Tuesday, January 04, 2005
Two more articles on the issue of God and the tsunami. Both conclude that human compassion is the only adequate response to the tragedy of the tsunami: Edward Spence in the Sydney Morning Herald who concludes that,
Ultimately, heartfelt tears shed in earnest and with compassion, with offerings of charity for those who have suffered, are more meaningful than any theological and philosophical treatise on the problem of evil. Especially at Christmas when, according to the gospels, love is the single core message."You can read the two articles here: The Sydney Morning Herald article The Telegraph article
Monday, January 03, 2005
The recent tsunami disaster in Southern Asia raises some very difficult questions for Christians and other religious believers. If God exists and is a loving god then how could he have allowed something like this to happen? The Guardian Unlimited's Martin Kettle asks these very difficult questions in his article How can religious people explain something like this? The question is not new (it has been asked for centuries) but is still relevant and just as difficult to answer. How do we, as Christians, respond to this question? We need to because it has historically been the one question that, perhaps more than any other, led people to reject Christianity and the existence of God. I'd be very interested to hear your responses to Kettle's article and this question. You can click on the Comments link below to add your thoughts. You can remain anonymous if you wish.
Sunday, January 02, 2005
Osama is a heart-rending movie that provides some insight into the plight of women in the early Taliban rule in Afghanistan. Sidiq Barmak, the director, has based this story on a true event. A young girl (Marina Golbihari) and her widowed mother (Zubaida Sahar) participate in a demonstration for women's rights to work to earn a living. The Taliban break up the demonstration and the mother and girl hide from the Taliban with a local street kid, Espandi (Mohamad Aref Harat). Later, when the hospital where the mother works is taken over by the Taliban, the mother loses her job and livelihood. In a desperate move to survive, the mother shaves her daughter's head and dresses her as a boy to send her out to work. The girl is forced to attend school and she meets up again with Espandi who becomes her friend. Espandi names her Osama. She has to struggle to survive by maintaining her disguise as a girl. A 'depressing' but important movie - the first all-Afghani-acted feature film since the end of Taliban rule in Afghanistan. Marina Golbihari is outstanding as the young girl who conveys (mostly without speech) deep emotions. This film won an honorable mention at the 2003 Cannes Film Festival. My Rating **** out of 5 Other Reviews '"Osama" is like a film from some long-ago age. Although it takes place in Afghanistan, it documents practices so cruel that it is hard to believe such ideas have currency in the modern world.' - Roger Ebert 'Without a word of preaching, Barmak provides a stinging condemnation of the kind of social and cultural stagnation that can arise when religious fanaticism becomes the Law.' - James Berardinelli Buy Osama from Amazon.com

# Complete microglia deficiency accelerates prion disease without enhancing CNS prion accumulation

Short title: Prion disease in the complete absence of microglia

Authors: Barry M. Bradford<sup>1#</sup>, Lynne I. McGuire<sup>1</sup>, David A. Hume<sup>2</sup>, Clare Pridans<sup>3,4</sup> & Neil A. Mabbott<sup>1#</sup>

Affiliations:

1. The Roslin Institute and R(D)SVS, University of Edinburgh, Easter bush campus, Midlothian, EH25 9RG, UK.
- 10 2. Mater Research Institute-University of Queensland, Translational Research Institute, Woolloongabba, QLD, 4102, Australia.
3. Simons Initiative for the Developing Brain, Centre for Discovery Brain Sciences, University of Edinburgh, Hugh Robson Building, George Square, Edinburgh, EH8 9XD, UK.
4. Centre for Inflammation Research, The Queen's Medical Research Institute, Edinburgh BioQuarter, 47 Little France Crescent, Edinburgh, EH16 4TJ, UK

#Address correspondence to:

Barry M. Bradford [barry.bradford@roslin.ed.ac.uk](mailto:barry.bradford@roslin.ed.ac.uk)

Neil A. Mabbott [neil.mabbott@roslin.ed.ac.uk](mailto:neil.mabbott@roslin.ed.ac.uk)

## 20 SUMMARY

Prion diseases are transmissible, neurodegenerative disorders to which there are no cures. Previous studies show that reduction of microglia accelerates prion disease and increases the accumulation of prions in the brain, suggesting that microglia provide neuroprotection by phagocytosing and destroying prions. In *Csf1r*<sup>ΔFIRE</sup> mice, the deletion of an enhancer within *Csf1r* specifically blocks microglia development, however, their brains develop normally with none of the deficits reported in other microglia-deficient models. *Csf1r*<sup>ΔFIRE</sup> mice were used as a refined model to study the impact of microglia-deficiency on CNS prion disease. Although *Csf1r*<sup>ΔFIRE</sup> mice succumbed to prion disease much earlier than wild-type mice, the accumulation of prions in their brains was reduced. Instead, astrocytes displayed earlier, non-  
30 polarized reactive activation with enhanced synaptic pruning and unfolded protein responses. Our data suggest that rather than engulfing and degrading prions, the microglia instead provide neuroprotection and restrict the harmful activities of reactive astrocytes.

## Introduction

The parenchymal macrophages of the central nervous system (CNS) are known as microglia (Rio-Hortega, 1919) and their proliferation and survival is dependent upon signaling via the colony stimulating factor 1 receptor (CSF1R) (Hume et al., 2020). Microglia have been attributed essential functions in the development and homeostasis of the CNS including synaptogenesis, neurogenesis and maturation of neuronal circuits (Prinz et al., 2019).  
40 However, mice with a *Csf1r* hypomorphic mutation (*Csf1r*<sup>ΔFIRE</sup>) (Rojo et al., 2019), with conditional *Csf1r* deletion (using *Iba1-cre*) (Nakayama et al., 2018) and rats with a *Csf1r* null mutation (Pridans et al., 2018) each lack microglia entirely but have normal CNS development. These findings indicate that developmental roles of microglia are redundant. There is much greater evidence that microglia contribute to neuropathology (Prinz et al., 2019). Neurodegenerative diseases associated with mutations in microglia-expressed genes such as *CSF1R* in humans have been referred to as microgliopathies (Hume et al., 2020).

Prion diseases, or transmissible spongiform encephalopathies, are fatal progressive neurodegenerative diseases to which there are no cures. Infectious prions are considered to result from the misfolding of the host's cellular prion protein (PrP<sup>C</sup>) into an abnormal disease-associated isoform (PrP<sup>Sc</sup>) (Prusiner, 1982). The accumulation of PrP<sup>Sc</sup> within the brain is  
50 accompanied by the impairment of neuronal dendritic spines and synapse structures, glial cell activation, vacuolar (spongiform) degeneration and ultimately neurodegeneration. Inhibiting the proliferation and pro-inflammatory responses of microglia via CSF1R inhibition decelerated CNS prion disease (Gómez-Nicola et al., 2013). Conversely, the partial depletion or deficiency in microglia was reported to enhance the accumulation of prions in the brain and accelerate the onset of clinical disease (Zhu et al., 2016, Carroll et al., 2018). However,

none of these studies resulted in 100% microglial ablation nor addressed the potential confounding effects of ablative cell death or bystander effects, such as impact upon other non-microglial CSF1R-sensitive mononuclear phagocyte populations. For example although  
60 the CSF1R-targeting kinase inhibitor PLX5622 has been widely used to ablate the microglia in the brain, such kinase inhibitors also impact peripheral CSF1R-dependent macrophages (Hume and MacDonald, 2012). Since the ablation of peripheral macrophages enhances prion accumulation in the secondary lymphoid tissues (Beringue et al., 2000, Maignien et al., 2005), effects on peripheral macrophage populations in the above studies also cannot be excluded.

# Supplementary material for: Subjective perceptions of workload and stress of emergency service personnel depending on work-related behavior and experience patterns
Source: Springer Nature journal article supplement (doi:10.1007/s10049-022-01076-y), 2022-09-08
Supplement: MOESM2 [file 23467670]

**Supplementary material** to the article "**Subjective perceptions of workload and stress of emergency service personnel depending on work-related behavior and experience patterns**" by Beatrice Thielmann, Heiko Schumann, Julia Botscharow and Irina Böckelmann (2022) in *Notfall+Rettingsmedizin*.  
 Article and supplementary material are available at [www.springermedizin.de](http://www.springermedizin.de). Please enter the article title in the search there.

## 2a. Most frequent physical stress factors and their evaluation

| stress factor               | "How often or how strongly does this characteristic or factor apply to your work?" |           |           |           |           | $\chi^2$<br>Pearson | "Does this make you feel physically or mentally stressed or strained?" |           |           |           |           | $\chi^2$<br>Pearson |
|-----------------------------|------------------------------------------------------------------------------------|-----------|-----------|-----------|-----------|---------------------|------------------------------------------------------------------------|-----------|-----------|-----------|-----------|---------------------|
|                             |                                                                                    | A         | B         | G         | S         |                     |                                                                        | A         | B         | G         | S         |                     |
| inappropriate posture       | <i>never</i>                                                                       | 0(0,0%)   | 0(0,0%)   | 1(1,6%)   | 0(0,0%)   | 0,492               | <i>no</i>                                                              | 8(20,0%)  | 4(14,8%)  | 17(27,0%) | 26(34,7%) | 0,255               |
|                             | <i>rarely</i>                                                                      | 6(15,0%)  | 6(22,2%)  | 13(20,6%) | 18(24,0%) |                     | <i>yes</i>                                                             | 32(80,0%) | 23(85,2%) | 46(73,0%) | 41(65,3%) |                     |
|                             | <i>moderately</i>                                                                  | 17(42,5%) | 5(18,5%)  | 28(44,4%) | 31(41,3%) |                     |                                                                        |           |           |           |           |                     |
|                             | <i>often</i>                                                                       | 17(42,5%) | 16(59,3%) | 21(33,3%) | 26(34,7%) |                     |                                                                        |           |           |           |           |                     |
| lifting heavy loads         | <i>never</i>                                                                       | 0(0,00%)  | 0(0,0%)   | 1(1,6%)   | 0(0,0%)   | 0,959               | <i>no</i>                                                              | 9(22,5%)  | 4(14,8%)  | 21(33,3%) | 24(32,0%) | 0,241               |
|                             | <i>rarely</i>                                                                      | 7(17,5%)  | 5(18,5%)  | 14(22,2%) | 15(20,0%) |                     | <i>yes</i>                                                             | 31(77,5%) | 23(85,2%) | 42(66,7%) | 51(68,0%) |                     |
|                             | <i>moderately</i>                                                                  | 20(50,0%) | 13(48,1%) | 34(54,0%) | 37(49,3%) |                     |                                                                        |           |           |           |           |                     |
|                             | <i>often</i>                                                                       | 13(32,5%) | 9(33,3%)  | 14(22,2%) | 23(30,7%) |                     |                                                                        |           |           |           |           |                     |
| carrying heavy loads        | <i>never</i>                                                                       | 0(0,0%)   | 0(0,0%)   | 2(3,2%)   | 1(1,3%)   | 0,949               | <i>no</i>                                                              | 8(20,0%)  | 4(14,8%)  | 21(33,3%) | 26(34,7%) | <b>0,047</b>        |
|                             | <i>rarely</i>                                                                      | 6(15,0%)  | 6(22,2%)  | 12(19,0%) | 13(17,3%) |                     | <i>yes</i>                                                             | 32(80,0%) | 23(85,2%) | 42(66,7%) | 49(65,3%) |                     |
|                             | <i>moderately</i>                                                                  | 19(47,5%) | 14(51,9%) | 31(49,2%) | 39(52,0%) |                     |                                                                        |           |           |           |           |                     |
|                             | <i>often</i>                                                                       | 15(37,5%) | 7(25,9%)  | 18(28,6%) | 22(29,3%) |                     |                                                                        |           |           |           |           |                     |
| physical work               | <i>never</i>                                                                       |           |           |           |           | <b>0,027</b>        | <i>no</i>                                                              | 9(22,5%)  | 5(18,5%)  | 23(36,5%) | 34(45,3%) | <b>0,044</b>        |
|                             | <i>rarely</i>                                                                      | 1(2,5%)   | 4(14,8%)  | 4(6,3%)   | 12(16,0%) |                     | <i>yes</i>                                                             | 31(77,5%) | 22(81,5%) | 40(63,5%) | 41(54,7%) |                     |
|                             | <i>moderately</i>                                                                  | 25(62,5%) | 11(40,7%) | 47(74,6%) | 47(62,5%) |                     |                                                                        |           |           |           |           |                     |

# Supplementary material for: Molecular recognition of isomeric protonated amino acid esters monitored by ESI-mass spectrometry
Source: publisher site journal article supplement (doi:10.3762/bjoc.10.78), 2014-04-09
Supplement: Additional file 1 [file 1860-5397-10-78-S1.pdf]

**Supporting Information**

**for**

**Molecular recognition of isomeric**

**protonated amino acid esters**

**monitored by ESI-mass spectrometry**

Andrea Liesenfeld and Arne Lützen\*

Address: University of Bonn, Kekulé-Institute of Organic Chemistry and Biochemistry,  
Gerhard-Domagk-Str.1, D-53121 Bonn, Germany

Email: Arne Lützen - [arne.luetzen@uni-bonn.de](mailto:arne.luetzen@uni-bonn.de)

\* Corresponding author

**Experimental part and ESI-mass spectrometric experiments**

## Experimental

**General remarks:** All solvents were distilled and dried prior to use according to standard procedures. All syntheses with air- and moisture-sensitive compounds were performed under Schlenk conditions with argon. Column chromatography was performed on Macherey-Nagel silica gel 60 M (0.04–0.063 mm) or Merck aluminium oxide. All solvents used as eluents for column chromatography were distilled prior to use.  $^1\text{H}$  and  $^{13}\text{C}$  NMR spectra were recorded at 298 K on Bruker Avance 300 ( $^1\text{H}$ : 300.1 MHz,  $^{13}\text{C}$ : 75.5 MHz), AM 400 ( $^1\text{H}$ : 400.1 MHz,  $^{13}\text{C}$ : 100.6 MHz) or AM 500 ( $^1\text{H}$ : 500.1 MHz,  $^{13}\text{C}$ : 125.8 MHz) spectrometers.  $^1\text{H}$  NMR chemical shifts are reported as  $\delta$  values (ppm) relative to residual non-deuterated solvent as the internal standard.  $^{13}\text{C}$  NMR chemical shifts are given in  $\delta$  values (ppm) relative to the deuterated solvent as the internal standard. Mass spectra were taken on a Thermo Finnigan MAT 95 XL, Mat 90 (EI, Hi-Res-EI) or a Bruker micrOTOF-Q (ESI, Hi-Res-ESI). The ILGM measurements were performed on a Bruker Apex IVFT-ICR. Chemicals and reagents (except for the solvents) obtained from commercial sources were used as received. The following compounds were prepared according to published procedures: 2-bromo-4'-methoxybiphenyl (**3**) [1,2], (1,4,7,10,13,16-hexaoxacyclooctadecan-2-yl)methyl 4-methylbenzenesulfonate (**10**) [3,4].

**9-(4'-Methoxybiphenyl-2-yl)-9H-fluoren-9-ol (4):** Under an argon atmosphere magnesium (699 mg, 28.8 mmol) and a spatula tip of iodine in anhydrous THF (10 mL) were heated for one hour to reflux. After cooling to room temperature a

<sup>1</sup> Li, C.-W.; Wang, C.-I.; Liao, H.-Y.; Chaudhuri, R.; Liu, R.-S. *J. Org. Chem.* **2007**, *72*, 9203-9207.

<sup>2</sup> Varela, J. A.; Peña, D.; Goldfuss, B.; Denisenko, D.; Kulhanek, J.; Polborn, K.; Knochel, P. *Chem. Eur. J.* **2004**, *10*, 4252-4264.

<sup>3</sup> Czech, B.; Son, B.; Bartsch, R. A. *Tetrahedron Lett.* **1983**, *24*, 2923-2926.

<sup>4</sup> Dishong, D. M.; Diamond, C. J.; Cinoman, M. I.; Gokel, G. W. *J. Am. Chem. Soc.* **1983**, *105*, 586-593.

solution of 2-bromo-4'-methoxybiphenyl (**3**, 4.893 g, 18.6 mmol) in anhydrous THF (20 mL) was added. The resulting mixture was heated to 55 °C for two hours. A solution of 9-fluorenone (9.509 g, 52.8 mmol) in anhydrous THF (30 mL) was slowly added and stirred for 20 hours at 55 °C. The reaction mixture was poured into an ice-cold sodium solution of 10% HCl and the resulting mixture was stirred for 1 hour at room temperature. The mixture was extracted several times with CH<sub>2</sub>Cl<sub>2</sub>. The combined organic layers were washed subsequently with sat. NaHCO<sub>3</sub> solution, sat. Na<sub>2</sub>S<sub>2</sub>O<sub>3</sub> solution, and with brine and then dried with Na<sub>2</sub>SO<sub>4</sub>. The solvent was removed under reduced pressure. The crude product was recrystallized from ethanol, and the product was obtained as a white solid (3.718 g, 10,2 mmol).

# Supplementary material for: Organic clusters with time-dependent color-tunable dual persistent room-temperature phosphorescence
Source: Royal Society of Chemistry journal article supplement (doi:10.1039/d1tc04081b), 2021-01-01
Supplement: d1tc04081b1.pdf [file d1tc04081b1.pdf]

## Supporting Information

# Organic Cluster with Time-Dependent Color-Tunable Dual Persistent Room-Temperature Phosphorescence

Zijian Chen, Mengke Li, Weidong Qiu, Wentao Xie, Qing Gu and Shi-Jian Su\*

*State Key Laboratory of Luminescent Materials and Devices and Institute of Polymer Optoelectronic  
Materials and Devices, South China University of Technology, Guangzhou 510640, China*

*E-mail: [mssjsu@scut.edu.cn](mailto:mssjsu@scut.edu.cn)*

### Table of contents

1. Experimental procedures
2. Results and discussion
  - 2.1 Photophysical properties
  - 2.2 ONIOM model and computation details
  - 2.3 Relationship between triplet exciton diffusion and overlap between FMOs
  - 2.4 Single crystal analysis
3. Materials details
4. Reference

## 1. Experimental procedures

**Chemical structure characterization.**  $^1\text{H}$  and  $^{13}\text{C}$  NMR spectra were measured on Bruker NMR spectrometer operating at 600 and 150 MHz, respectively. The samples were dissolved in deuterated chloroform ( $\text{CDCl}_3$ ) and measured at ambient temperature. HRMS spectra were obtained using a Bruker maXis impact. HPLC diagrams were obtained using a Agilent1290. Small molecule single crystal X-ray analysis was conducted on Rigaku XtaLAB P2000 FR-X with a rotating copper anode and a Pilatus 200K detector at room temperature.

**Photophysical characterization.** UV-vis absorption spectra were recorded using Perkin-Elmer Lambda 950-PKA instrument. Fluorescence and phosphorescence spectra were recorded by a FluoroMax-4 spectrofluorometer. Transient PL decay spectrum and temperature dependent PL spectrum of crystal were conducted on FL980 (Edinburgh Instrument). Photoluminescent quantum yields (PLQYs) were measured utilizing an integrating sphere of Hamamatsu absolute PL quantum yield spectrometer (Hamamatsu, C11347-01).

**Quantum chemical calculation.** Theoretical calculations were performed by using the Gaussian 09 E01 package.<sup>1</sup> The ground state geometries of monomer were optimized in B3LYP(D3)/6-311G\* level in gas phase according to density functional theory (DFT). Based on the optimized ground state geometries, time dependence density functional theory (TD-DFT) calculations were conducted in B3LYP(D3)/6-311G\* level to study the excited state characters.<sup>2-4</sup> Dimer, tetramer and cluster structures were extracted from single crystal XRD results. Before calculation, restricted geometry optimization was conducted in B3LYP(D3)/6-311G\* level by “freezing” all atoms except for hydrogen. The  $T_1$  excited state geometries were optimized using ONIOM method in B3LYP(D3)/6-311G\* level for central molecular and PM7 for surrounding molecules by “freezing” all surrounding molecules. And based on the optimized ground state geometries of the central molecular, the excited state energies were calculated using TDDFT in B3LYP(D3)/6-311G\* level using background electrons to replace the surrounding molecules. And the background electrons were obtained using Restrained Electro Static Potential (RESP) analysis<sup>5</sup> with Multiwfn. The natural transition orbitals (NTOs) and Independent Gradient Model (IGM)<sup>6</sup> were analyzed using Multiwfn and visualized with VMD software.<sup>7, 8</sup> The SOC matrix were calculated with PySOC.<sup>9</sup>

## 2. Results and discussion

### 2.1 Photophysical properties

The tsunami in the Indian Ocean is an incredibly devastating disaster -- it is almost impossible to come to grips with the extent of death, destruction and injury that has fallen on so many people. Our hearts go out to all who are suffering as a result of this tragedy. One of the stories that I have heard recently is that no elephants and wild animals have been found along with the suggestion that animals seem to have a sixth sense about impending disaster. Kevin Paine has written an informative response to this idea here. As he quite rightly says, with the overwhelming human crisis we are having to deal with, maybe worrying about the number of dead animals is right down the bottom of our list of priorities at the moment. Check out Kevin's comment here.